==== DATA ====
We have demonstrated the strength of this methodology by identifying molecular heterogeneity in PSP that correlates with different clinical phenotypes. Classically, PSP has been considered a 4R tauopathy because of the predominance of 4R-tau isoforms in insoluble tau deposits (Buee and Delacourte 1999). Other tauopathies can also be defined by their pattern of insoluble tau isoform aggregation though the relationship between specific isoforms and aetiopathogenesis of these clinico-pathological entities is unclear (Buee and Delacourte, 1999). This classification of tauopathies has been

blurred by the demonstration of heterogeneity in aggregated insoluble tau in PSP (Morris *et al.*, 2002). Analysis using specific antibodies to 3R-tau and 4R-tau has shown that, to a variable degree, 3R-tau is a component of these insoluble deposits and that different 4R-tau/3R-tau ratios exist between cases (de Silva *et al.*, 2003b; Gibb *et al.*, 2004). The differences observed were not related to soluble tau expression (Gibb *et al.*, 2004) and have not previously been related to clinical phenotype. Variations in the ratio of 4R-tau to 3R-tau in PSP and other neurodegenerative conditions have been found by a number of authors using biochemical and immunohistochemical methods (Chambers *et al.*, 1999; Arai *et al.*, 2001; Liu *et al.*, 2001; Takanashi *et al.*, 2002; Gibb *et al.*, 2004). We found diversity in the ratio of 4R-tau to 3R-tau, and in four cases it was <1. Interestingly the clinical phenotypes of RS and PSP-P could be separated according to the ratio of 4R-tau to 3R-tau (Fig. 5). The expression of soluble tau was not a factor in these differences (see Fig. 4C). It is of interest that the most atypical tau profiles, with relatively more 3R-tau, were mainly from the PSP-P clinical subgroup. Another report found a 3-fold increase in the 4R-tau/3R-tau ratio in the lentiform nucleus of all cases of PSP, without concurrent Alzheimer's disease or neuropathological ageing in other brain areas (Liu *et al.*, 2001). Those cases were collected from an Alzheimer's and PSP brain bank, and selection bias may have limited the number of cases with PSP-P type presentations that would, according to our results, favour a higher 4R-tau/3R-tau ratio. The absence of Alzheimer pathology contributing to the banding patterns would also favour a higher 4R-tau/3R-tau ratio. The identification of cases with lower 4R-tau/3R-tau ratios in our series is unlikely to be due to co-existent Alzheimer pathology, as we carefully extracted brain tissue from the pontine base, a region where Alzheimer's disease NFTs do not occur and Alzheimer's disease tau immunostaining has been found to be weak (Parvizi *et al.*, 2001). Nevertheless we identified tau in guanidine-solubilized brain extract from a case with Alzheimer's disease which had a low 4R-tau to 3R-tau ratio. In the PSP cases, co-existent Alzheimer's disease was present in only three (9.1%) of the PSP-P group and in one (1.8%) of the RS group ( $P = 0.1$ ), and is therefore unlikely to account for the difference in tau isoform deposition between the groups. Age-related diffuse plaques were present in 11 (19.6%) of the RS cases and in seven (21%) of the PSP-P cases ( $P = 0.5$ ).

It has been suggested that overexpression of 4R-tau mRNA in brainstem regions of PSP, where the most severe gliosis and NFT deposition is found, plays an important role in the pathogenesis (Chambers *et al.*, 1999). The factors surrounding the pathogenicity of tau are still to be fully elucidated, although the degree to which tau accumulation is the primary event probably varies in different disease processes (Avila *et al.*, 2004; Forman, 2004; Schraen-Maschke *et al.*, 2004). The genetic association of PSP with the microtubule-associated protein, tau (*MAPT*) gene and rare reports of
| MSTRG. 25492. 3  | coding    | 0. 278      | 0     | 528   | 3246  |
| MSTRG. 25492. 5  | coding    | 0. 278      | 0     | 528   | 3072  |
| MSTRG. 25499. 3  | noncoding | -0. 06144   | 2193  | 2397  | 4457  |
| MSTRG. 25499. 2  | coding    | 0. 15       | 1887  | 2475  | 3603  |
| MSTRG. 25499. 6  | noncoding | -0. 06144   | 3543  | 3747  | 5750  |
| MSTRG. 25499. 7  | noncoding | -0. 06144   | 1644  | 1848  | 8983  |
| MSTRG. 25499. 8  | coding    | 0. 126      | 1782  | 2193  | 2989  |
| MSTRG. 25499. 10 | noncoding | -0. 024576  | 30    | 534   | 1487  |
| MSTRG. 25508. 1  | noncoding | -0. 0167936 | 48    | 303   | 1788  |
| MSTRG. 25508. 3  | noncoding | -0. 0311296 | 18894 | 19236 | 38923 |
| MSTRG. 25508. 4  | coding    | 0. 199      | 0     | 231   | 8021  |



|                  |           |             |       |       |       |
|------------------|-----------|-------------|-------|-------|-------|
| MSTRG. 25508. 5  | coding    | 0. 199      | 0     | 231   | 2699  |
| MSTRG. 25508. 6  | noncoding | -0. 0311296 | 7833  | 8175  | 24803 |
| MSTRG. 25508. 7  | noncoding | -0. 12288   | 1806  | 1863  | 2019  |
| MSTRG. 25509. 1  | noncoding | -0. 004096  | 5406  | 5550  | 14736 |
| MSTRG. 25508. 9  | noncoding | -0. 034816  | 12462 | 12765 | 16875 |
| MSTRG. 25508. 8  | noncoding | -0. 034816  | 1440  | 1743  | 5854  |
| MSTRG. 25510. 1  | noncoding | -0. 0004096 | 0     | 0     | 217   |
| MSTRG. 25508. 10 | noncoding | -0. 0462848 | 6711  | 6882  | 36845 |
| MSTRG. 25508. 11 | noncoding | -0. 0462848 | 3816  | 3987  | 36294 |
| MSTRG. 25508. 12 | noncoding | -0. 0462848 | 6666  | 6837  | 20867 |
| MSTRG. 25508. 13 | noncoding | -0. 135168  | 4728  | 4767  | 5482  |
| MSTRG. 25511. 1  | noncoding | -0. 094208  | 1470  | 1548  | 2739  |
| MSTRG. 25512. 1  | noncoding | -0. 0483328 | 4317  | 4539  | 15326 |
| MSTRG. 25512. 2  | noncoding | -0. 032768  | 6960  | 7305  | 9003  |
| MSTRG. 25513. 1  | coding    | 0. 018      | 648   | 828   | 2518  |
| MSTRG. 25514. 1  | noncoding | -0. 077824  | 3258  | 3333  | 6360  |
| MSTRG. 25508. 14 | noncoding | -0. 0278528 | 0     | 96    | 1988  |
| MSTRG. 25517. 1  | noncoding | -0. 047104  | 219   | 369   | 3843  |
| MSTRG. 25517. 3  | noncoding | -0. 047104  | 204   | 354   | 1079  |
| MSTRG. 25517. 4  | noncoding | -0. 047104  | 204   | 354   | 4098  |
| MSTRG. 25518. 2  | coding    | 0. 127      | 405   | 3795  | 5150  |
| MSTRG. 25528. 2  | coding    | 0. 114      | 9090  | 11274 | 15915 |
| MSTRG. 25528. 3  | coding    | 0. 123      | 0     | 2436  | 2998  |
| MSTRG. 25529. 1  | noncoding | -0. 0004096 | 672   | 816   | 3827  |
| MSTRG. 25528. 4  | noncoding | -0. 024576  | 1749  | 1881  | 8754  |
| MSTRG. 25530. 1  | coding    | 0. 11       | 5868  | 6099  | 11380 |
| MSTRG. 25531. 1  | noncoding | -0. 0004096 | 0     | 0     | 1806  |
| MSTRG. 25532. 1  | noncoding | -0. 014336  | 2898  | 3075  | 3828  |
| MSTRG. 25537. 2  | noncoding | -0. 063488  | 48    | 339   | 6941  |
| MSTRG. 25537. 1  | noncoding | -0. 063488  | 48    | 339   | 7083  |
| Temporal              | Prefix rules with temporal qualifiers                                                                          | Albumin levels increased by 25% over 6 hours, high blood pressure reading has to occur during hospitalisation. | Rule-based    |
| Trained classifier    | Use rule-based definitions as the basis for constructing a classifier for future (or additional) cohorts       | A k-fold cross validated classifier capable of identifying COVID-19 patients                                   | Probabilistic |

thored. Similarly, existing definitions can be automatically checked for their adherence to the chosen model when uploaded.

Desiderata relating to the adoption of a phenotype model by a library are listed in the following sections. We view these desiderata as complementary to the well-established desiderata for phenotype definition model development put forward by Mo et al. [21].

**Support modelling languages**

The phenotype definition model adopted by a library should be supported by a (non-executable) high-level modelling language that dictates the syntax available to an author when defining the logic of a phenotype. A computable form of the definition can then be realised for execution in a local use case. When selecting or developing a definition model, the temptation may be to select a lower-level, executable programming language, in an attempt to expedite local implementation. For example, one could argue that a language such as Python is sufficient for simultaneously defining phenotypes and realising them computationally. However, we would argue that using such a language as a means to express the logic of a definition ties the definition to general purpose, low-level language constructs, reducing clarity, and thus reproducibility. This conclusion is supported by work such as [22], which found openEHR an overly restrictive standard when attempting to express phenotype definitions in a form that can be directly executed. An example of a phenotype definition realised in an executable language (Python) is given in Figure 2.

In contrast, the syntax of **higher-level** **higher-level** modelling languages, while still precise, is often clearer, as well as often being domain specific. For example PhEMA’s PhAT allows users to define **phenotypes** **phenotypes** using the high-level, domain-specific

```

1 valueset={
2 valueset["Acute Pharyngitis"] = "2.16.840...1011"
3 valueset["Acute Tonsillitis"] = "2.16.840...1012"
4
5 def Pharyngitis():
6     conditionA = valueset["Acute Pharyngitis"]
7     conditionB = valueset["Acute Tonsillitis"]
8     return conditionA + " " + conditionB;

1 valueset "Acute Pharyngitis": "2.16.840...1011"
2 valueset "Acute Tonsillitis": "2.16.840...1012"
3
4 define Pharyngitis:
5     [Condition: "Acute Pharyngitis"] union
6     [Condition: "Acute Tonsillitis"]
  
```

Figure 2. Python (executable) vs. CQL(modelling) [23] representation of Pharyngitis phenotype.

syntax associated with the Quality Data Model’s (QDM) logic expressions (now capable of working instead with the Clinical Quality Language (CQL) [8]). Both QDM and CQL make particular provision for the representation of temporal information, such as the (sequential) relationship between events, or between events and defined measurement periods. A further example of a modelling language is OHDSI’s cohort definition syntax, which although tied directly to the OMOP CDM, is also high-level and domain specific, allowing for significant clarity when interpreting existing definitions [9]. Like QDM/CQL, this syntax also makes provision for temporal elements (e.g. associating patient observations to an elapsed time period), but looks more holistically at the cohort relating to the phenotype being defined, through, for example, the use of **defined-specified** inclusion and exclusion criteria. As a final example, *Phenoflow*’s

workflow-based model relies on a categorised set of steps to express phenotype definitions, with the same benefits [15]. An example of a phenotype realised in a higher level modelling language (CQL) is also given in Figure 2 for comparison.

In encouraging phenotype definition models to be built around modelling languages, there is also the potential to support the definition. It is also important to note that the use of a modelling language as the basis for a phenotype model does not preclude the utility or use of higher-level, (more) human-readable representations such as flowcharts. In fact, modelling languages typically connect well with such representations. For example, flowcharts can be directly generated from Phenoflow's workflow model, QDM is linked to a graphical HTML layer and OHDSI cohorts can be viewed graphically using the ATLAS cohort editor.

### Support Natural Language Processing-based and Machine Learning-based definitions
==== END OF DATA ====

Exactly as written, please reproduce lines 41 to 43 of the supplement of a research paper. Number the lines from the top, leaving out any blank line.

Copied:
| MSTRG. 25528. 4  | noncoding | -0. 024576  | 1749  | 1881  | 8754  |
| MSTRG. 25530. 1  | coding    | 0. 11       | 5868  | 6099  | 11380 |
| MSTRG. 25531. 1  | noncoding | -0. 0004096 | 0     | 0     | 1806  |